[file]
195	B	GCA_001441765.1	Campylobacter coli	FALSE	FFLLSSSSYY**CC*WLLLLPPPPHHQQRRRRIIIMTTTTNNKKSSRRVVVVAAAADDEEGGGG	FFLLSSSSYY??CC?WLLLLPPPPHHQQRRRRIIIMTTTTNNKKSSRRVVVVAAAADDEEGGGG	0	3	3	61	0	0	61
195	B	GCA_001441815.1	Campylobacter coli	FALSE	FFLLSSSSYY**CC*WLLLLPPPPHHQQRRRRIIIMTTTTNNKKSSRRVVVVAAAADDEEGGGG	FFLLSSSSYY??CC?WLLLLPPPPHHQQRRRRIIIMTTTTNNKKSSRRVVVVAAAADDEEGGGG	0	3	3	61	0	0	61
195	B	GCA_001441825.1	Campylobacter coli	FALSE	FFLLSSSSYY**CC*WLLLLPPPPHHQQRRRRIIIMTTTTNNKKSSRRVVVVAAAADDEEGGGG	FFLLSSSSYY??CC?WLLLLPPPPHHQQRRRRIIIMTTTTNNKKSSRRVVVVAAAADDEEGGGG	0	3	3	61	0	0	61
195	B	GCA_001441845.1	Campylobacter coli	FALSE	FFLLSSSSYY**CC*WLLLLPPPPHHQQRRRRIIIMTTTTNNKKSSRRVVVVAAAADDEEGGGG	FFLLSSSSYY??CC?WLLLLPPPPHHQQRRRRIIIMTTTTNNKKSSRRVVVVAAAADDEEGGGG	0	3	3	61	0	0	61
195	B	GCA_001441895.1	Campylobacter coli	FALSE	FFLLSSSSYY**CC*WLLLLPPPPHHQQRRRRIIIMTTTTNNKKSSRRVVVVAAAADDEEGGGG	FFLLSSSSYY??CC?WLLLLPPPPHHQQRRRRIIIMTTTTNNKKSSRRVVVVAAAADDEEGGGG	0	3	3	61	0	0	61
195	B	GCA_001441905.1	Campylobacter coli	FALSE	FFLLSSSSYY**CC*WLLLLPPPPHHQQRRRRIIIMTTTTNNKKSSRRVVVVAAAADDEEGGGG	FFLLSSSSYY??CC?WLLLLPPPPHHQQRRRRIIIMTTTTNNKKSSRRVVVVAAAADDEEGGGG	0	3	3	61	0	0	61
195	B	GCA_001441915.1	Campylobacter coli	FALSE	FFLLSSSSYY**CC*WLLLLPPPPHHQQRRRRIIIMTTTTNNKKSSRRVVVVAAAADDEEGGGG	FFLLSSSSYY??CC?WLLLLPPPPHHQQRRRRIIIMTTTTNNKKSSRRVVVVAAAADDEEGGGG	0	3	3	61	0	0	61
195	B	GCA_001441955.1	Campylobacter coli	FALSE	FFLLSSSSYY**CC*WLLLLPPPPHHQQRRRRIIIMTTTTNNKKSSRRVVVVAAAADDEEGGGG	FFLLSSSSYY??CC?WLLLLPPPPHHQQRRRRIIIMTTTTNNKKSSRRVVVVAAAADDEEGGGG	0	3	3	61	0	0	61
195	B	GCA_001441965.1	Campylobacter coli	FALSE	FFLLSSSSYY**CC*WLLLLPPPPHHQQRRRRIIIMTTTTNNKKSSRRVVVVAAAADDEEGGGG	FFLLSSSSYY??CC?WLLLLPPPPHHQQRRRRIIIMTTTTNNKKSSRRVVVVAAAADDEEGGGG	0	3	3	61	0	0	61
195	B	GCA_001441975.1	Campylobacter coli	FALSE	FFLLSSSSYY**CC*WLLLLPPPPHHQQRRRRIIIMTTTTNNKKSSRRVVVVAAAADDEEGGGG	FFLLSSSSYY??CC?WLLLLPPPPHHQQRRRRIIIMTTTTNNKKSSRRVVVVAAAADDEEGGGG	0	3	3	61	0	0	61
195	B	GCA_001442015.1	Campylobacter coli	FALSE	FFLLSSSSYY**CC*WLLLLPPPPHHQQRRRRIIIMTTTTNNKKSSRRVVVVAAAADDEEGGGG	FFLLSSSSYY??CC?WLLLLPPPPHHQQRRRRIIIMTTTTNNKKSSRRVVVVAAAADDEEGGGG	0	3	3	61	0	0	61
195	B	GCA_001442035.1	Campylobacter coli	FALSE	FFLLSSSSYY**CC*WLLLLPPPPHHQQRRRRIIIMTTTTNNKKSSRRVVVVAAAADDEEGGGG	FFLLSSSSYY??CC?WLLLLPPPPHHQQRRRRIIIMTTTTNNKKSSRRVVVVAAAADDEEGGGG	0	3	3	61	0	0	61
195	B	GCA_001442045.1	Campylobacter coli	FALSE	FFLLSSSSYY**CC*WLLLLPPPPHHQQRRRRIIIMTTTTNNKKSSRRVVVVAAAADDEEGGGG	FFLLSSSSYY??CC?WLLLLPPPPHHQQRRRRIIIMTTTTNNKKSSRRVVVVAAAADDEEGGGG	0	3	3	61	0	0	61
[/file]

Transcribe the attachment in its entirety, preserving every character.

195	B	GCA_001441765.1	Campylobacter coli	FALSE	FFLLSSSSYY**CC*WLLLLPPPPHHQQRRRRIIIMTTTTNNKKSSRRVVVVAAAADDEEGGGG	FFLLSSSSYY??CC?WLLLLPPPPHHQQRRRRIIIMTTTTNNKKSSRRVVVVAAAADDEEGGGG	0	3	3	61	0	0	61
195	B	GCA_001441815.1	Campylobacter coli	FALSE	FFLLSSSSYY**CC*WLLLLPPPPHHQQRRRRIIIMTTTTNNKKSSRRVVVVAAAADDEEGGGG	FFLLSSSSYY??CC?WLLLLPPPPHHQQRRRRIIIMTTTTNNKKSSRRVVVVAAAADDEEGGGG	0	3	3	61	0	0	61
195	B	GCA_001441825.1	Campylobacter coli	FALSE	FFLLSSSSYY**CC*WLLLLPPPPHHQQRRRRIIIMTTTTNNKKSSRRVVVVAAAADDEEGGGG	FFLLSSSSYY??CC?WLLLLPPPPHHQQRRRRIIIMTTTTNNKKSSRRVVVVAAAADDEEGGGG	0	3	3	61	0	0	61
195	B	GCA_001441845.1	Campylobacter coli	FALSE	FFLLSSSSYY**CC*WLLLLPPPPHHQQRRRRIIIMTTTTNNKKSSRRVVVVAAAADDEEGGGG	FFLLSSSSYY??CC?WLLLLPPPPHHQQRRRRIIIMTTTTNNKKSSRRVVVVAAAADDEEGGGG	0	3	3	61	0	0	61
195	B	GCA_001441895.1	Campylobacter coli	FALSE	FFLLSSSSYY**CC*WLLLLPPPPHHQQRRRRIIIMTTTTNNKKSSRRVVVVAAAADDEEGGGG	FFLLSSSSYY??CC?WLLLLPPPPHHQQRRRRIIIMTTTTNNKKSSRRVVVVAAAADDEEGGGG	0	3	3	61	0	0	61
195	B	GCA_001441905.1	Campylobacter coli	FALSE	FFLLSSSSYY**CC*WLLLLPPPPHHQQRRRRIIIMTTTTNNKKSSRRVVVVAAAADDEEGGGG	FFLLSSSSYY??CC?WLLLLPPPPHHQQRRRRIIIMTTTTNNKKSSRRVVVVAAAADDEEGGGG	0	3	3	61	0	0	61
195	B	GCA_001441915.1	Campylobacter coli	FALSE	FFLLSSSSYY**CC*WLLLLPPPPHHQQRRRRIIIMTTTTNNKKSSRRVVVVAAAADDEEGGGG	FFLLSSSSYY??CC?WLLLLPPPPHHQQRRRRIIIMTTTTNNKKSSRRVVVVAAAADDEEGGGG	0	3	3	61	0	0	61
195	B	GCA_001441955.1	Campylobacter coli	FALSE	FFLLSSSSYY**CC*WLLLLPPPPHHQQRRRRIIIMTTTTNNKKSSRRVVVVAAAADDEEGGGG	FFLLSSSSYY??CC?WLLLLPPPPHHQQRRRRIIIMTTTTNNKKSSRRVVVVAAAADDEEGGGG	0	3	3	61	0	0	61
195	B	GCA_001441965.1	Campylobacter coli	FALSE	FFLLSSSSYY**CC*WLLLLPPPPHHQQRRRRIIIMTTTTNNKKSSRRVVVVAAAADDEEGGGG	FFLLSSSSYY??CC?WLLLLPPPPHHQQRRRRIIIMTTTTNNKKSSRRVVVVAAAADDEEGGGG	0	3	3	61	0	0	61
195	B	GCA_001441975.1	Campylobacter coli	FALSE	FFLLSSSSYY**CC*WLLLLPPPPHHQQRRRRIIIMTTTTNNKKSSRRVVVVAAAADDEEGGGG	FFLLSSSSYY??CC?WLLLLPPPPHHQQRRRRIIIMTTTTNNKKSSRRVVVVAAAADDEEGGGG	0	3	3	61	0	0	61
195	B	GCA_001442015.1	Campylobacter coli	FALSE	FFLLSSSSYY**CC*WLLLLPPPPHHQQRRRRIIIMTTTTNNKKSSRRVVVVAAAADDEEGGGG	FFLLSSSSYY??CC?WLLLLPPPPHHQQRRRRIIIMTTTTNNKKSSRRVVVVAAAADDEEGGGG	0	3	3	61	0	0	61
195	B	GCA_001442035.1	Campylobacter coli	FALSE	FFLLSSSSYY**CC*WLLLLPPPPHHQQRRRRIIIMTTTTNNKKSSRRVVVVAAAADDEEGGGG	FFLLSSSSYY??CC?WLLLLPPPPHHQQRRRRIIIMTTTTNNKKSSRRVVVVAAAADDEEGGGG	0	3	3	61	0	0	61
195	B	GCA_001442045.1	Campylobacter coli	FALSE	FFLLSSSSYY**CC*WLLLLPPPPHHQQRRRRIIIMTTTTNNKKSSRRVVVVAAAADDEEGGGG	FFLLSSSSYY??CC?WLLLLPPPPHHQQRRRRIIIMTTTTNNKKSSRRVVVVAAAADDEEGGGG	0	3	3	61	0	0	61